Launching objects into space does not come cheap, and satellites are no exception. With complex components, rigorous testing requirements, and rocket rides to orbit, satellites carry impressive price tags. But how much does a satellite cost? Read on to learn the main factors that make satellites so costly to build and launch.
How Much Does a Satellite Cost?
On average, a standard satellite costs $100-$300 million to construct and deliver into orbit. Small CubeSats can reach a price of a few hundred thousand or less, while large satellites and space telescopes exceed $1 billion or more when total expenses accumulate.
Just the hardware components for an average satellite, including the structure, solar panels, dish antennas, and control computers, usually amount to around $100 million at minimum. Extensive testing and transport preparation represents another $50 million in standard pre-launch expenses per satellite.
Then the priciest part remains – getting to space. Satellite launch services currently cost $50-$400 million based on the selected launch vehicle’s size and cargo capacity. Taken all together, lofting satellites 300+ miles above our heads stands as a very high-roller expense.
What Factors Make Satellites So Expensive?
Many critical elements contribute to satellites’ sky-high manufacturing, testing, and operational budgets:
Development Costs: Crafting sophisticated satellite technology with long build times requires ample engineers and robust design processes. Years of R&D and refinements cause multi-million dollar tabs long before construction finishes.
Advanced Components: Hundreds of ultra high-tech parts, like signal processors and star trackers, get carefully integrated into satellites. More computing power means equipment costs climb higher too.
Exacting Standards: Satellites undergo endless ground testing to root out and fix potential weaknesses to ruggedize them enough for harsh space conditions. This critical testing adds big expenses.
Short Lifespans: Most satellites operate less than 15 years before retiring, unable to handle progressive component failures over time. Replacing dead satellites quickly keeps the costs high.
Rocket Limitations: Launch vehicles cannot drastically shrink in size and price to match satellites’ slimming profiles. Small satellites must buy berths on big costly rockets for now.
High Failure Rates: Roughly 3% of satellite launches catastrophically fail, wasting all satellite production and rideshare costs invested. Failure losses hamper market growth.
In simple terms, engineering satellites stays stuck as an expensive business full of complex parts, zero fault tolerance assembly methods, frequent replacement launches, and financially devastating failures. Those summing realities keep satellite budgets continually soaring.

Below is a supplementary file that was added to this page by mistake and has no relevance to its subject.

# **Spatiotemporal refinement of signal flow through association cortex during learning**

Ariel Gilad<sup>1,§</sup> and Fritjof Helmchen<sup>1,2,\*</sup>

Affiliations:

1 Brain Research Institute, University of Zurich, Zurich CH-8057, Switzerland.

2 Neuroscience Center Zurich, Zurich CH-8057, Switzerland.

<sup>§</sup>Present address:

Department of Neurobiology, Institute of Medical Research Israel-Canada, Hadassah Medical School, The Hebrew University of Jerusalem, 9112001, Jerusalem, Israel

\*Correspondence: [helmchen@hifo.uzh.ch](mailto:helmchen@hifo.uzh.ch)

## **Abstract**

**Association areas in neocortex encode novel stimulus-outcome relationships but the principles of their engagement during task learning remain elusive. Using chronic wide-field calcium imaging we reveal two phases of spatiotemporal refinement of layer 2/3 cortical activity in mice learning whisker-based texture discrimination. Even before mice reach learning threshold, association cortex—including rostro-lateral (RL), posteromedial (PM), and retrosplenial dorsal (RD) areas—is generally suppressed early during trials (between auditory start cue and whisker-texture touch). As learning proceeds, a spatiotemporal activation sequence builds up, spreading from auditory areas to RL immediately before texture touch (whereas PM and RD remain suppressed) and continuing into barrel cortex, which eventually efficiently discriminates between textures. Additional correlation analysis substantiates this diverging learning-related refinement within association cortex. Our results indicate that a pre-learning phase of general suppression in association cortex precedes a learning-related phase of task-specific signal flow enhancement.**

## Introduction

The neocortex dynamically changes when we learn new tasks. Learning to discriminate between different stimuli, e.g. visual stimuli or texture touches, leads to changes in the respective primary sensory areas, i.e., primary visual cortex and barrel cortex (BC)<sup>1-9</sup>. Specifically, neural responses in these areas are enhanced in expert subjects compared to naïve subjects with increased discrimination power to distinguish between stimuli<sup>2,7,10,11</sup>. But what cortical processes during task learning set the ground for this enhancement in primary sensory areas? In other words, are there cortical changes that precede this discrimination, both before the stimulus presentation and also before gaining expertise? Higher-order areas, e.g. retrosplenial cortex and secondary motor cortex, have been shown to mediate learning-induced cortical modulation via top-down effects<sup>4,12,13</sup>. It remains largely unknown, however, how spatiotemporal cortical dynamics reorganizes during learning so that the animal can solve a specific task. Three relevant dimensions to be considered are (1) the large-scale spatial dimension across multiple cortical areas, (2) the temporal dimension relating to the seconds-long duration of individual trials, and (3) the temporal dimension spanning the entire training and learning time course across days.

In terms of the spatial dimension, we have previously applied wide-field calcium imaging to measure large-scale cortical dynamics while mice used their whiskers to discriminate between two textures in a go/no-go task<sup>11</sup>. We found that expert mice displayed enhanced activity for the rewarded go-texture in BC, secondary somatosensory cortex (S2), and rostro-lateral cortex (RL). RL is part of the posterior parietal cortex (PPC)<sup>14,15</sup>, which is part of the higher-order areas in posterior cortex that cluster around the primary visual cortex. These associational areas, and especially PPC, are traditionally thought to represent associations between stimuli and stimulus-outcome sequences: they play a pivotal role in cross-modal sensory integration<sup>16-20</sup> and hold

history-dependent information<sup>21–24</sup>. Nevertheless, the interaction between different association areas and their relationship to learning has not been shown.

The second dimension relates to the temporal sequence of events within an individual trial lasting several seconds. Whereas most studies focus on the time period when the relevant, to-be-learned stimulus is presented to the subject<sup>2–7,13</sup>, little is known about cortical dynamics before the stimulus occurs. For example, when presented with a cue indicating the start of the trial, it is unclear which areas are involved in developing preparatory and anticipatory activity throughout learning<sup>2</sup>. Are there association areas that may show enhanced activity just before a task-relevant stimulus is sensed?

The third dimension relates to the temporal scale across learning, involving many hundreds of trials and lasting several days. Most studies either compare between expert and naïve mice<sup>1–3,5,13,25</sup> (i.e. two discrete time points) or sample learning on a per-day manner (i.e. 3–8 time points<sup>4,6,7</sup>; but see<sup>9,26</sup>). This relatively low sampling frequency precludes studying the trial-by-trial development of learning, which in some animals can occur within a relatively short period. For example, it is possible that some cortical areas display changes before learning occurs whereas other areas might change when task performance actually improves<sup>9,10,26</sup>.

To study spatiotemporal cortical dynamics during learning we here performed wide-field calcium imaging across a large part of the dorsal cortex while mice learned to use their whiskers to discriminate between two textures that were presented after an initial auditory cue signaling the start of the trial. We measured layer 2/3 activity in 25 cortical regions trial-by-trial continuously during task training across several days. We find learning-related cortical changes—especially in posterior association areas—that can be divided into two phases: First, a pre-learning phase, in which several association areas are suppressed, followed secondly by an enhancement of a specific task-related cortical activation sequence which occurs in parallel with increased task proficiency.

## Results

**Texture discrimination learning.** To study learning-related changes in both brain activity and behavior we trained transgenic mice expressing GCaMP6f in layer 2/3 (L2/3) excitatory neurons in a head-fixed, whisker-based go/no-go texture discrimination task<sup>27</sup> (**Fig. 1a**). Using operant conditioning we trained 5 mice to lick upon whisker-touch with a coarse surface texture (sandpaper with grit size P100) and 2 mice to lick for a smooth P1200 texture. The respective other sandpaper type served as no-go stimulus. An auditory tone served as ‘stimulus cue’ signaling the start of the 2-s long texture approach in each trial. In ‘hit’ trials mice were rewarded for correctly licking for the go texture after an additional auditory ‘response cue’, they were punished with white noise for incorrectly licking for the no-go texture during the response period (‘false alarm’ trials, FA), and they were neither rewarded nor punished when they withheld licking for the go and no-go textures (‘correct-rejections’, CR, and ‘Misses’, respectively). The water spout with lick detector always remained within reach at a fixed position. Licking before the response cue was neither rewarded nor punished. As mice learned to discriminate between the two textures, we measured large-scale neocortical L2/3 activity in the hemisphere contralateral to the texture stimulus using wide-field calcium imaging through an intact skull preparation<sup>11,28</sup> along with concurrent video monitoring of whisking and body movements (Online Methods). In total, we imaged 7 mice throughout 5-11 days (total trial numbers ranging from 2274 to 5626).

Added Pre-Launch Expenses
On top of the actual satellite construction process, extra expenses attached to launch logistics, storage, and risk management also accumulate:
- Insurance Premiums: Satellite makers pay sizeable premiums to insure launch and first-year operations in case of vehicle or component failures.
- Storage/Transport: Satellites get trucked in environmentally-controlled containers to launch sites and carefully loaded into payload fairings. These logistical steps add costs.
- Support Crews: Launching satellites requires maintaining trained ground control and engineering staff to manage pre-flight payload preparations and post-launch systems initialization.
- Software Upgrades: Many satellites undergo final software patches and finishing touches right before launch windows open to deliver the most up-to-date version on orbit.
How Satellites Got Bigger, But Not Cheaper
In the Beginning, Satellites Were Simple
After the Soviet Union launched Sputnik in 1957 as the first artificial satellite, the space race took off. The satellites built back then were fairly basic, like the American Explorer 1 satellite that gathered data on cosmic rays, radiation, and micrometeoroids.
These early satellites did not have complex jobs. They mainly served to demonstrate that objects could orbit the Earth and send back signals. Building and launching them did not break the bank for the few countries involved.
How Modern Satellites Changed the Game
Skip ahead to more recent times. Satellites now take on intricate jobs that require advanced equipment and great size.